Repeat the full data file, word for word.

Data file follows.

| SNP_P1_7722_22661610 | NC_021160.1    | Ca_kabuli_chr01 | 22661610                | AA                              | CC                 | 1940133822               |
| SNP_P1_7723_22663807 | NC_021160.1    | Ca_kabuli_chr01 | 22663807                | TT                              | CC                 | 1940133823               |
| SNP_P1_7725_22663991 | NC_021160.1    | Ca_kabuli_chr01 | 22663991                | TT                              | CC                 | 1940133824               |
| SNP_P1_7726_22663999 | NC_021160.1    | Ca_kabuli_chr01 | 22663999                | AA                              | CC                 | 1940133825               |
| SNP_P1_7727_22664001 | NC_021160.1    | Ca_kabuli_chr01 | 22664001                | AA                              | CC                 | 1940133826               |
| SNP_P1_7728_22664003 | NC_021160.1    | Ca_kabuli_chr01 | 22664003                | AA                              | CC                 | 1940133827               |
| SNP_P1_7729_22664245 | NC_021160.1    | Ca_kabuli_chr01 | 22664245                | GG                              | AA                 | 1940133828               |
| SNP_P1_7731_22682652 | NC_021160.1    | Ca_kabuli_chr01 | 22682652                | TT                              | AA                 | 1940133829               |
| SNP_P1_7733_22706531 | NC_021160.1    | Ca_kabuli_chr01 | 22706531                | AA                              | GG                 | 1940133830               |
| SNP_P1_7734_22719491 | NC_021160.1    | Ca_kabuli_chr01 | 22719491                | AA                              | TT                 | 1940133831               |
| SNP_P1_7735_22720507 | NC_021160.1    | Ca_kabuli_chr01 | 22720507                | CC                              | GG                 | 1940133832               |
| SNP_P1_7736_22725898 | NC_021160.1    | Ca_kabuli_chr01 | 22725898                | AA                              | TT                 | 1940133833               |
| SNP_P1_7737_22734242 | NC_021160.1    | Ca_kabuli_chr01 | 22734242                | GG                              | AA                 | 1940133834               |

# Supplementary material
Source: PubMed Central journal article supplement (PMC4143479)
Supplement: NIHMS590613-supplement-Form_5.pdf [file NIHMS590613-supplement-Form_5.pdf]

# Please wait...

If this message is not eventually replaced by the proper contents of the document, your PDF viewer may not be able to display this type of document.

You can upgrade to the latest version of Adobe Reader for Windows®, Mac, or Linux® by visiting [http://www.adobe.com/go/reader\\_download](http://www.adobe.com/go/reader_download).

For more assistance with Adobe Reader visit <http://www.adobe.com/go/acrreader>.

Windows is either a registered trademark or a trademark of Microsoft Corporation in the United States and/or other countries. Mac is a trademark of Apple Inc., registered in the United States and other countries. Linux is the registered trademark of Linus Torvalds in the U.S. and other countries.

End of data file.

| SNP_P1_7722_22661610 | NC_021160.1    | Ca_kabuli_chr01 | 22661610                | AA                              | CC                 | 1940133822               |
| SNP_P1_7723_22663807 | NC_021160.1    | Ca_kabuli_chr01 | 22663807                | TT                              | CC                 | 1940133823               |
| SNP_P1_7725_22663991 | NC_021160.1    | Ca_kabuli_chr01 | 22663991                | TT                              | CC                 | 1940133824               |
| SNP_P1_7726_22663999 | NC_021160.1    | Ca_kabuli_chr01 | 22663999                | AA                              | CC                 | 1940133825               |
| SNP_P1_7727_22664001 | NC_021160.1    | Ca_kabuli_chr01 | 22664001                | AA                              | CC                 | 1940133826               |
| SNP_P1_7728_22664003 | NC_021160.1    | Ca_kabuli_chr01 | 22664003                | AA                              | CC                 | 1940133827               |
| SNP_P1_7729_22664245 | NC_021160.1    | Ca_kabuli_chr01 | 22664245                | GG                              | AA                 | 1940133828               |
| SNP_P1_7731_22682652 | NC_021160.1    | Ca_kabuli_chr01 | 22682652                | TT                              | AA                 | 1940133829               |
| SNP_P1_7733_22706531 | NC_021160.1    | Ca_kabuli_chr01 | 22706531                | AA                              | GG                 | 1940133830               |
| SNP_P1_7734_22719491 | NC_021160.1    | Ca_kabuli_chr01 | 22719491                | AA                              | TT                 | 1940133831               |
| SNP_P1_7735_22720507 | NC_021160.1    | Ca_kabuli_chr01 | 22720507                | CC                              | GG                 | 1940133832               |
| SNP_P1_7736_22725898 | NC_021160.1    | Ca_kabuli_chr01 | 22725898                | AA                              | TT                 | 1940133833               |
| SNP_P1_7737_22734242 | NC_021160.1    | Ca_kabuli_chr01 | 22734242                | GG                              | AA                 | 1940133834               |

# Supplementary material
Source: PubMed Central journal article supplement (PMC4143479)
Supplement: NIHMS590613-supplement-Form_5.pdf [file NIHMS590613-supplement-Form_5.pdf]

# Please wait...

If this message is not eventually replaced by the proper contents of the document, your PDF viewer may not be able to display this type of document.

You can upgrade to the latest version of Adobe Reader for Windows®, Mac, or Linux® by visiting [http://www.adobe.com/go/reader\\_download](http://www.adobe.com/go/reader_download).

For more assistance with Adobe Reader visit <http://www.adobe.com/go/acrreader>.

Windows is either a registered trademark or a trademark of Microsoft Corporation in the United States and/or other countries. Mac is a trademark of Apple Inc., registered in the United States and other countries. Linux is the registered trademark of Linus Torvalds in the U.S. and other countries.